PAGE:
Thank you Shanky95 馃檪

hallesheron says

please Sir what does the Internal rate of return (IRR) actually calculate

And how do you choose if to go ahead with a project or not when using IRR?

John Moffat says

By definition, the IRR is the rate of interest at which the NPV of the project is zero.

It is rarely used in exams to appraise projects – we usually calculate the NPV. However if the IRR is more than the cost of capital then the NPV will be positive and we will accept the project. If the IRR is less than the cost of capital then the NPV will be negative and we will reject the project.

(For more, watch the Paper MA and FM lectures on the IRR, because this is revision of MA and FM).

However there are problems using the IRR (which is why it is rarely asked for in the exam). MIRR is introduced in Paper AFM because it does in a sense deal with the problems, as I explain in the lecture.

herafatima says

Hello, when comparing two projects, agreed we consider the IRR, then we consider how long the return is, in the example, one project is 10% over 15 years while the other is 12% over 2 years, before considering the re-investment of the receipts at IRR, should we not also consider the advantage of the pay back period of each of the projects. Specifically in a scenario which details capital rationing.

John Moffat says

In practice, companies would look at a range of measures and then form an overall judgement.

In the exam, if choosing between projects we us the NPV criteria. IRR’s are irrelevant in the exam (apart from discussion) unless you are specifically asked to calculate them, and, of course, if you are asked to calculate them then you would probably be asked to calculate the MIRR as well (although both IRR and MIRR are not asked often).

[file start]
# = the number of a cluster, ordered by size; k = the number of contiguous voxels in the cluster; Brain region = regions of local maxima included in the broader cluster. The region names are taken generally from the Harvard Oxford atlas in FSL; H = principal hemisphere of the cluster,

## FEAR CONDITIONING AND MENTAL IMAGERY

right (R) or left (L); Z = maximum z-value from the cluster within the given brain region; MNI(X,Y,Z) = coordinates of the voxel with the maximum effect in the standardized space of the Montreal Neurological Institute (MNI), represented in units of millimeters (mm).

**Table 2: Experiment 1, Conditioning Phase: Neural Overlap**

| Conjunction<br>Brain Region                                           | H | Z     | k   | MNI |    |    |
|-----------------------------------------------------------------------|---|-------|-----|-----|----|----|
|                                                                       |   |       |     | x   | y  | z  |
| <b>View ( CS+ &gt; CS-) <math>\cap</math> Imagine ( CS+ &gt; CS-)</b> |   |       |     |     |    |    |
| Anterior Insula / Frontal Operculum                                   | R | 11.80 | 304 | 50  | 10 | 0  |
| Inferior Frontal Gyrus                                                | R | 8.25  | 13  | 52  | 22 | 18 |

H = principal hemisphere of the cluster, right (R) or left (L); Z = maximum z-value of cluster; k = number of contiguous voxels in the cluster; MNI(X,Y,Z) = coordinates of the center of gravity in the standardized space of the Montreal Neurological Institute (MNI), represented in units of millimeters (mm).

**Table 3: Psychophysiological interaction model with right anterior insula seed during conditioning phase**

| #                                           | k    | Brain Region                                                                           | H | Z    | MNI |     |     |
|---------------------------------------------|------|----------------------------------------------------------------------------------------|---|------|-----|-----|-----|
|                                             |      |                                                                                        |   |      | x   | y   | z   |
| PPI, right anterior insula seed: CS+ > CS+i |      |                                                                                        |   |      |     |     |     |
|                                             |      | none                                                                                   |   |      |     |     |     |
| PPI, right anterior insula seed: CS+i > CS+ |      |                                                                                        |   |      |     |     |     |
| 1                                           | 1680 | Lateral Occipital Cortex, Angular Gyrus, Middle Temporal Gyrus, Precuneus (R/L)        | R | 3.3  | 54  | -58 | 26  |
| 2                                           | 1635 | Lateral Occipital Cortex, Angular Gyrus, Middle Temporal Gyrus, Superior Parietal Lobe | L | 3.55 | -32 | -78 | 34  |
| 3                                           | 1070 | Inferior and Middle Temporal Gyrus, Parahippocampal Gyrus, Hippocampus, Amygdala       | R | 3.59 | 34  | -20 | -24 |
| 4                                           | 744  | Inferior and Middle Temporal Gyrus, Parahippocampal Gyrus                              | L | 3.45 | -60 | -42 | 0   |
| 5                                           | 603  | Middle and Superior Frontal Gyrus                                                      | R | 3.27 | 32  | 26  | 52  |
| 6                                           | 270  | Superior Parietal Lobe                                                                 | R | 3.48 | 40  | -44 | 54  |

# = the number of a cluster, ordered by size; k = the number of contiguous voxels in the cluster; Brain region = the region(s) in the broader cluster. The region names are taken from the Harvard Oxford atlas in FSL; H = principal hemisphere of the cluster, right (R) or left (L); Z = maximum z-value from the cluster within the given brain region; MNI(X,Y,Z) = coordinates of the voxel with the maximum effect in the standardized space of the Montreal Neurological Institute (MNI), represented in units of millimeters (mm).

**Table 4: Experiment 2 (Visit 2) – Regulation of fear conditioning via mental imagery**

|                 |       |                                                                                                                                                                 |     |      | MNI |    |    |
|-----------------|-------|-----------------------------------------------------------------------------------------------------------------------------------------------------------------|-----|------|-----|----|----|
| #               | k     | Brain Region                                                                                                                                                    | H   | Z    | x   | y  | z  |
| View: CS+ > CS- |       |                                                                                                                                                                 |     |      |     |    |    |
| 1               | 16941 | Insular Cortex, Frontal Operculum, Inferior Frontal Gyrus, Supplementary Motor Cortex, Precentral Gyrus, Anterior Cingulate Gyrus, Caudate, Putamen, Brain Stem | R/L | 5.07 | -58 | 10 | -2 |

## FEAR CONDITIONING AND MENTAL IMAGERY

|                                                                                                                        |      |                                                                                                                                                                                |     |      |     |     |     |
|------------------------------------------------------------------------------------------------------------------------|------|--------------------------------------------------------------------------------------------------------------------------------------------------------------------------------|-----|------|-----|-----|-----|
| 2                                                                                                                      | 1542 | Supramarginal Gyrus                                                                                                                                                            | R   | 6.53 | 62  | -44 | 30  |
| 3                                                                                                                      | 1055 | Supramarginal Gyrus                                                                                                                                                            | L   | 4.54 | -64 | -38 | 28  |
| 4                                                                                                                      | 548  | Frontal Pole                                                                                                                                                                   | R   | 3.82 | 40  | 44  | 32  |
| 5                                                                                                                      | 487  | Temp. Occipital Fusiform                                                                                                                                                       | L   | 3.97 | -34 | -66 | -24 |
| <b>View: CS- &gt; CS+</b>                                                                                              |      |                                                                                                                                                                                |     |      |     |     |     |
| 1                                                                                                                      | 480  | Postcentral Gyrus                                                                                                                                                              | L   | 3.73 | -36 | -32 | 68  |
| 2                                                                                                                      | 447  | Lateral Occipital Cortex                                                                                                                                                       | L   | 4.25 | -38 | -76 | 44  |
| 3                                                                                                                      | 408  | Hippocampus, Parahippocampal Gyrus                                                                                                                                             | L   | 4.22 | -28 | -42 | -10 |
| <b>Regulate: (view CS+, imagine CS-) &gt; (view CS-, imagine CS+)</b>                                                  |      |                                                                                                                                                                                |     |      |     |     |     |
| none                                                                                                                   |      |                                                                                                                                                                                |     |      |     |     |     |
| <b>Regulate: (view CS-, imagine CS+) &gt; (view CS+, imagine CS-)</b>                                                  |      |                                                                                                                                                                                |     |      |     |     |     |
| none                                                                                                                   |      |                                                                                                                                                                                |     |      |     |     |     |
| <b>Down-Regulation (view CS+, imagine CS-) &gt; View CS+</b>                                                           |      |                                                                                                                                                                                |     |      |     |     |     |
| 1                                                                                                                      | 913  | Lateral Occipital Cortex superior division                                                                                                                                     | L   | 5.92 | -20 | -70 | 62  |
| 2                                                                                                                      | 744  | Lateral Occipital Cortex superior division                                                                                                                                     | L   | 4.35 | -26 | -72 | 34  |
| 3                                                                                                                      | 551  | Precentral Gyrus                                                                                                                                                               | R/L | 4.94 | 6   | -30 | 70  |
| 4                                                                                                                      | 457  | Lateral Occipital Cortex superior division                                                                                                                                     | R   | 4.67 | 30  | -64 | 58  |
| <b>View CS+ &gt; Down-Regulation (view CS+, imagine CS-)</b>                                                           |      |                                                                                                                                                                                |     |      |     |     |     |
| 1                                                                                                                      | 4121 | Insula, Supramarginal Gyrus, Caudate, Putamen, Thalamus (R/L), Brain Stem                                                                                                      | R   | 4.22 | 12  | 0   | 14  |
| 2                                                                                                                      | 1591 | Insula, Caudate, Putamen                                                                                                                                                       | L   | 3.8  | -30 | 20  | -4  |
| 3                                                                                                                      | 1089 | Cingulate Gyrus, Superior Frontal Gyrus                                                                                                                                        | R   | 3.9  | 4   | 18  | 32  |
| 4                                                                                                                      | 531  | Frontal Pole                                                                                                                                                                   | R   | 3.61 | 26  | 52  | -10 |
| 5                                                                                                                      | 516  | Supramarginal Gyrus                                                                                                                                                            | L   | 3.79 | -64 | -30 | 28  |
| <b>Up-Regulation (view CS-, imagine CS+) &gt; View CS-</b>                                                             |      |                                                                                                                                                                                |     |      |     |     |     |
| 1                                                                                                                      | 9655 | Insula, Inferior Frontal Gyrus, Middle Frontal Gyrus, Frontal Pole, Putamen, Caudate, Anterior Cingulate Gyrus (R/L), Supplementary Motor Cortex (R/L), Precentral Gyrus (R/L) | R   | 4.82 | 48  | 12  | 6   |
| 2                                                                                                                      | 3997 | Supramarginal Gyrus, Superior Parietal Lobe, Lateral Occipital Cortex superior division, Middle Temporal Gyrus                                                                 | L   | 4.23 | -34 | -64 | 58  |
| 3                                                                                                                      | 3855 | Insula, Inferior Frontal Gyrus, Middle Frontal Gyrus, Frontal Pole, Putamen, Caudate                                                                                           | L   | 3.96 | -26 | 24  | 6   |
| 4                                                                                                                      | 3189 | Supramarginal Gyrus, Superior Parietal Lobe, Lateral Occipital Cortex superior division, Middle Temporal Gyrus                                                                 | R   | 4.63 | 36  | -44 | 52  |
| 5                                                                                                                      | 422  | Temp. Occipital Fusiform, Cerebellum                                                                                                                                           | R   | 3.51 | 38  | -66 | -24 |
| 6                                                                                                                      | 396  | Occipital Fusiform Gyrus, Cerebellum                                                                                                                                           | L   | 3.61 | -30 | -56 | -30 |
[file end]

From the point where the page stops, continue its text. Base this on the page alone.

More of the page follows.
Whether or not it is capital rationing makes no difference to my last paragraph 馃檪

herafatima says

Thanks.

John Moffat says

You are welcome 馃檪

Ernest says

Thanks very much. This very clear to me now.

But please is that formula different from this one Terminal Value of Returns(Future Value)/PV of Investment^1/n -1

Will both turn out the same answer and what is the terminal value?

John Moffat says

Both formula give the same result, but since the formula given on the formula sheet is the one that I work through in the lecture, it is rather silly to use the other one!

The terminal value is the value at the end of the project and is arrived at by compounding (i.e. adding on the interest) as opposed to the present value, which is arrived at by discounting (i.e. removing the interest)).

Terminal values are not asked in Paper AFM, but if they interest you then watch the Paper F2 lectures on interest, where they are explained – they can be asked in Paper F2.

Ernest says

Thank you very much. Well explained!

John Moffat says

Thank you for your comment 馃檪

Collins says

Why is the working capital not included in the investment phase?

John Moffat says

It is included!! The 2,000,000 includes the 200,000 working capital.

Have you watched the previous lecture as well?